Acne can also be divided into two classes. These include non-inflamed acne breakouts with open and closed comedones (blackheads) and inflamed acne breakouts, with papules, pustules, nodules, and/or cysts.

Imaging

Imaging is not used in diagnosing acne. But if there are indications of predisposing conditions such as ovarian cysts, ovarian tumor, or adrenal tumor, the doctor may order X-rays, CT scans, or MRI studies.

Differential Diagnoses

Some skin conditions can look remarkably similar to acne, although their causes and treatments are different. If you are unsure, it is always wise to consult a dermatologist.

Rosacea

Rosacea is sometimes mistakenly referred to as "adult acne" but is caused by a different mechanism than acne in adults. You may need to see a dermatologist to distinguish these conditions early on. Rosacea causes red, flushed skin with papules and pustules, especially in the nose and cheek area, and may lead to the classic enlargement and bumpiness of the nose for which it is best known. It is uncommon before the age of 30 and occurs more often in fair-skinned individuals and women (though it tends to be more severe in men).

Folliculitis

Folliculitis is a condition in which the hair follicle is inflamed and can result in bumps or pustules. It is usually caused by bacteria such as strep or staph and is treated with topical or oral antibiotics.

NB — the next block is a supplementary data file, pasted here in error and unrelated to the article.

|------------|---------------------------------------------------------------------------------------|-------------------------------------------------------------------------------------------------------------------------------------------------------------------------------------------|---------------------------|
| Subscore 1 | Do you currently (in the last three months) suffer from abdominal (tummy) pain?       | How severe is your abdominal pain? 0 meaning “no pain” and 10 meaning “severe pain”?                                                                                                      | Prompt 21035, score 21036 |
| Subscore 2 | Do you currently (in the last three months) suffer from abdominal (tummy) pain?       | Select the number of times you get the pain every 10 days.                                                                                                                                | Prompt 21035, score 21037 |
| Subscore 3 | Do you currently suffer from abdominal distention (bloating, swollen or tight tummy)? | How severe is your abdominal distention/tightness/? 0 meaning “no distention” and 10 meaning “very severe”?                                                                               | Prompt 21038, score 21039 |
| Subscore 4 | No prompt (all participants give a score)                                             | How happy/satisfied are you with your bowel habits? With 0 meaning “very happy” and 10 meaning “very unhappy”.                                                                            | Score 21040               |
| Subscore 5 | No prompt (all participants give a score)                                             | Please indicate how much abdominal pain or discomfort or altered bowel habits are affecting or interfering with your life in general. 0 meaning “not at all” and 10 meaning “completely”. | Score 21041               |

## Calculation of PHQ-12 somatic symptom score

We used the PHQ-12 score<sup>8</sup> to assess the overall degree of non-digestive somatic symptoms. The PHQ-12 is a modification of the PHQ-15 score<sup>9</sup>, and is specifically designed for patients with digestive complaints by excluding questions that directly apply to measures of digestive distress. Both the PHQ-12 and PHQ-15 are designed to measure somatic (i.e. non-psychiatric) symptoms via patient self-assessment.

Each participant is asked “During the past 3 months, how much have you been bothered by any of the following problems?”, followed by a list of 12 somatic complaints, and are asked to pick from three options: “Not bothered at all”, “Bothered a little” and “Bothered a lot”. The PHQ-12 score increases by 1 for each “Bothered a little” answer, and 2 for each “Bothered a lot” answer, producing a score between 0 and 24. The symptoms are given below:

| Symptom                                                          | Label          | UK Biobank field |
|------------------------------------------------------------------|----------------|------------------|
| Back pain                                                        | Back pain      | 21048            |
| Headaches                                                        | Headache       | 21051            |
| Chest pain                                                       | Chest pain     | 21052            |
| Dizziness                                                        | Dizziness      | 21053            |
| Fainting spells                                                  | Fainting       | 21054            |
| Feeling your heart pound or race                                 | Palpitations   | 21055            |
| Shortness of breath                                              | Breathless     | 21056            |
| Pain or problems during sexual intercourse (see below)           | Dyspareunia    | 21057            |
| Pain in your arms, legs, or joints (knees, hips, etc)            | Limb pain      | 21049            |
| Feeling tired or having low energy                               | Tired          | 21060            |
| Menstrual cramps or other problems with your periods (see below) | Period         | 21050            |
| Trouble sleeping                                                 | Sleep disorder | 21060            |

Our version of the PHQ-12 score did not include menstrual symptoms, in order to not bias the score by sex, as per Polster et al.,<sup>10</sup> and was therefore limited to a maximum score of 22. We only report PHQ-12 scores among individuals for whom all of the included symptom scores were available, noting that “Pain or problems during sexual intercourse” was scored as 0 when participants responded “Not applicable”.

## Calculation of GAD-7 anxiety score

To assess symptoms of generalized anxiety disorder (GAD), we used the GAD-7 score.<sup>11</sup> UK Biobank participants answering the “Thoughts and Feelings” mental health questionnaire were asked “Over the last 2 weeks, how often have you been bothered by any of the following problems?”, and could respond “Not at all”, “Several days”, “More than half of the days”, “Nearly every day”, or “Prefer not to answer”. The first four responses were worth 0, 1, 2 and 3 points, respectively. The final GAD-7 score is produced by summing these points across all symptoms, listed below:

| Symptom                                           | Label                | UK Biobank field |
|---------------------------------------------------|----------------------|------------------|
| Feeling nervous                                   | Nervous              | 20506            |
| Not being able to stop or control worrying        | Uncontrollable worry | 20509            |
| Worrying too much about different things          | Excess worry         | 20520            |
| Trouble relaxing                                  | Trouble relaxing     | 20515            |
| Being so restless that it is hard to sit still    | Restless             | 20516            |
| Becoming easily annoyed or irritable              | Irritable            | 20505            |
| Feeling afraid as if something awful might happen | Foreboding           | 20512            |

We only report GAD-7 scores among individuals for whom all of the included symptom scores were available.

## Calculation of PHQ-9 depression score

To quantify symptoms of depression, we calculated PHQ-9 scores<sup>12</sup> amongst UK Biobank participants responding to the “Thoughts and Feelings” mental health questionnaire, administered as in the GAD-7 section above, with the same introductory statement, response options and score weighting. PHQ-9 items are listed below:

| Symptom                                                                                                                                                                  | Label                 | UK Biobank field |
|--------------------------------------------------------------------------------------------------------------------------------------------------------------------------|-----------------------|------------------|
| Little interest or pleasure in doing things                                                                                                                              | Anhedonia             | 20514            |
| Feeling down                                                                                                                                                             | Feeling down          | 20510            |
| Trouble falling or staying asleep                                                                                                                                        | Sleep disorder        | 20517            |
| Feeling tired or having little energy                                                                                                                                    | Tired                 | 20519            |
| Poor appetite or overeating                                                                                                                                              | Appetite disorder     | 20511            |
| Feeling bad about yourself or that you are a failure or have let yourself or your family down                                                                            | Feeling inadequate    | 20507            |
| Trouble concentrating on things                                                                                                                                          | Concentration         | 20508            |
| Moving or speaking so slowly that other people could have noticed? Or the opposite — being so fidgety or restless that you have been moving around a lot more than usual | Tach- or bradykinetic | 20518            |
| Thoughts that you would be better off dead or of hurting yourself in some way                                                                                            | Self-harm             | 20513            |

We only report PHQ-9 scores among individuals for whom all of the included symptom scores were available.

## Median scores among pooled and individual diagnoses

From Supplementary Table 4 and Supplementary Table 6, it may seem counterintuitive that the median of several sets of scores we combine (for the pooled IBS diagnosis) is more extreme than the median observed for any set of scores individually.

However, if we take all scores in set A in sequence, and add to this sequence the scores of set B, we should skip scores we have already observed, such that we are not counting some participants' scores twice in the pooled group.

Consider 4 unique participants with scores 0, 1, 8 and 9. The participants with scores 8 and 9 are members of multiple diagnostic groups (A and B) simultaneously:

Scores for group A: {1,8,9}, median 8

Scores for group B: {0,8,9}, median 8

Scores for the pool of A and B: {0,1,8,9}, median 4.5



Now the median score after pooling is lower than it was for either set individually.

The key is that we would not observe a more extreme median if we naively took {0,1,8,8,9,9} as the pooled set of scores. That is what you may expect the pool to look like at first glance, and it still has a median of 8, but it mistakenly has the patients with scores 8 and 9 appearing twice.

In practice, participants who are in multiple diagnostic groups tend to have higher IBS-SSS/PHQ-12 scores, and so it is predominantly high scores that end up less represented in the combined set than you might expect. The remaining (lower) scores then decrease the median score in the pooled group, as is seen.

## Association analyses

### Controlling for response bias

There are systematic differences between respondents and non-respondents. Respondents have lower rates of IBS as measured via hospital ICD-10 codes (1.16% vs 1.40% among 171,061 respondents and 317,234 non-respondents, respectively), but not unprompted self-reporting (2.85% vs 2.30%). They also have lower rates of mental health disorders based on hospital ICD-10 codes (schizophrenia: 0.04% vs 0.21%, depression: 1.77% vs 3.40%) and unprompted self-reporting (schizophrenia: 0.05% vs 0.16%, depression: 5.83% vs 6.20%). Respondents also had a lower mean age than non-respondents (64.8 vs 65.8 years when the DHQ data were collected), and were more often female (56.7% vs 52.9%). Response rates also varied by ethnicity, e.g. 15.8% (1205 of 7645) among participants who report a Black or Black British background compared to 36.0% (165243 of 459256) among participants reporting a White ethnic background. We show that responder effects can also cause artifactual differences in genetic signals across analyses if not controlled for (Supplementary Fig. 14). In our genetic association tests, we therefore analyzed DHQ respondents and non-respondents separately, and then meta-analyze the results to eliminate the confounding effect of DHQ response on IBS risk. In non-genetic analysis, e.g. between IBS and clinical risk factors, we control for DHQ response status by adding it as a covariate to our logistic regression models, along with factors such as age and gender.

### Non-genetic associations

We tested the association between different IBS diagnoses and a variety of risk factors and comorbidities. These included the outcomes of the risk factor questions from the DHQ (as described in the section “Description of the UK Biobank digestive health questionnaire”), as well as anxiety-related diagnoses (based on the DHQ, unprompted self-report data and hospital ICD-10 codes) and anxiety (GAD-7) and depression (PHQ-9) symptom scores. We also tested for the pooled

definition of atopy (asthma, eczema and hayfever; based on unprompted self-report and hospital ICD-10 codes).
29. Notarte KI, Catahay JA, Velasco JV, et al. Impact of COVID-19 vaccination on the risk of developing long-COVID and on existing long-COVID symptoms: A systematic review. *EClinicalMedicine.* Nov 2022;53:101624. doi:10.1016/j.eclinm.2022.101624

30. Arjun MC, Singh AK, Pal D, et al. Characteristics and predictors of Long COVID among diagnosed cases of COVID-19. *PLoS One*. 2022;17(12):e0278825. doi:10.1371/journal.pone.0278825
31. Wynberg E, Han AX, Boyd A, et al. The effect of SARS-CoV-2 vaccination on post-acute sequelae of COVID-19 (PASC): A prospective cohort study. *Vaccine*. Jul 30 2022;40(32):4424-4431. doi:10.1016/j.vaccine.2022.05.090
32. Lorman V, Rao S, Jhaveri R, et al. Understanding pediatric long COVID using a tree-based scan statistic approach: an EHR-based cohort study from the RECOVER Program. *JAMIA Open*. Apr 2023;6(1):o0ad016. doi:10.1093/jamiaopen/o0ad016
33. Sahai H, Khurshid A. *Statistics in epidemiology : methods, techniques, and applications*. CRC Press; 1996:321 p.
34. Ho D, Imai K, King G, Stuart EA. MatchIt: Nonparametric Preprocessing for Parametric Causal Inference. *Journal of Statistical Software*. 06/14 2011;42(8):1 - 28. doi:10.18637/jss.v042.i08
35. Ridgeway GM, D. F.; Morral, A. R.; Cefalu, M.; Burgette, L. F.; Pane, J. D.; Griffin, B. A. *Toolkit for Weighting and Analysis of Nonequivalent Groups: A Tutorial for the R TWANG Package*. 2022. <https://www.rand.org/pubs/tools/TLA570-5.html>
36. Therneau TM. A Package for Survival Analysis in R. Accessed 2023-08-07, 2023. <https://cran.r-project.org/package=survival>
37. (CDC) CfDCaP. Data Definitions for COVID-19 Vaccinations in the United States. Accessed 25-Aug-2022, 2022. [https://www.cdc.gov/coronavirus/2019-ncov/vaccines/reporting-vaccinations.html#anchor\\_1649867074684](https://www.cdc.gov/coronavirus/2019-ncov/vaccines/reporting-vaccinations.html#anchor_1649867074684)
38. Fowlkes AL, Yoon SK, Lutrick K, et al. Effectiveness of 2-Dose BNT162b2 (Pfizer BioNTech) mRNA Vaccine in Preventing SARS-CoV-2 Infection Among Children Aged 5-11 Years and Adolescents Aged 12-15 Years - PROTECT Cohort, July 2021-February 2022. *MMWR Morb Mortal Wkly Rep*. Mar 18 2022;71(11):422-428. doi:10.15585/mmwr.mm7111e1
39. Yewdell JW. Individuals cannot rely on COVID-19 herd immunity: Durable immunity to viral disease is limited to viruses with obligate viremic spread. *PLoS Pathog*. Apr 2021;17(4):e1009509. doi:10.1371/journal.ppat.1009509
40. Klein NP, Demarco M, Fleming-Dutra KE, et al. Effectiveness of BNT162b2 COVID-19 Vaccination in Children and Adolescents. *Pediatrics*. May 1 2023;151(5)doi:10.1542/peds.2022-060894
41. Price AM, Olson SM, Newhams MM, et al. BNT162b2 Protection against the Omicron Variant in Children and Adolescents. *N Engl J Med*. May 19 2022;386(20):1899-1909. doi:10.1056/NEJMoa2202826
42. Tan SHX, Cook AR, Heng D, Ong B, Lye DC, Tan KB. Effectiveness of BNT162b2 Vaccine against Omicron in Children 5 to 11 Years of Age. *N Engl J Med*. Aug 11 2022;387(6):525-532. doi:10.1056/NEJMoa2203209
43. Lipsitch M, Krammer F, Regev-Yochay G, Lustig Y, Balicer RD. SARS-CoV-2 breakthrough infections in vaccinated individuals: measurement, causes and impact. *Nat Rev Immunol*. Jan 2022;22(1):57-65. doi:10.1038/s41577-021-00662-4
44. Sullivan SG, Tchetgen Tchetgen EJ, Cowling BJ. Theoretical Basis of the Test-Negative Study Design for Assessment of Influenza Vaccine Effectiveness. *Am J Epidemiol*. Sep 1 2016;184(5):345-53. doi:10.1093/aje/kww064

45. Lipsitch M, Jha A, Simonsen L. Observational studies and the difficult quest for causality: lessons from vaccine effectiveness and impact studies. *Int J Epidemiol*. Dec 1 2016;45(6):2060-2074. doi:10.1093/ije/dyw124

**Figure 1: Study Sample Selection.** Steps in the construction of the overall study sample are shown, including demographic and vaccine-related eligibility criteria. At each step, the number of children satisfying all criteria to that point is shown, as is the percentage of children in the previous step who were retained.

Keratosis Pilaris

Keratosis pilaris is a rash marked by small, rough, "goose-flesh" like bumps most often found on the upper arms, thighs, and buttocks, and sometimes the face. It commonly occurs at the same time in life when acne is prevalent, and roughly 50 percent of teens have some degree of the condition.

Miliaria Rubra

Milaria rubra is a rash characterized by small red bumps on the surface of the skin and is caused by excessive heat exposure. It is also known as heat rash or prickly heat.

Rashes Due to Certain Cancer Drugs

Some targeted therapy drugs for cancer, such as Tarceva (erlotinib) cause a rash that closely resembles acne. People who are taking these medications may frantically try using acne preparations but with no relief since the rash is due to a mechanism unrelated to that of acne. If you have a rash that looks like acne while going through cancer treatment, talk to your oncologist.

A Word From Verywell

A proper diagnosis of acne includes not only a confirmation of the classic findings but a description of the severity of the rash. Determining the severity is important in choosing the best treatment options to improve your comfort and minimize scarring. If you are coping with acne that is grade II or higher, or even if you have mild acne but it is not responding to over-the-counter medications, make sure to consult a dermatologist. Fortunately, treatment options are available for even the most severe types of acne.

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Article Sources
  • Becker, M., Wild, T., and C. Zouboulis. Objective Assessment of Acne. Clinical Dermatology. 2017. 35(2):147-155.
  • Weller, Richard P. J. B., Hamish J.A. Hunter, and Margaret W. Mann. Clinical dermatology. Chichester (West Sussex): John Wiley & Sons Inc., 2015. Print.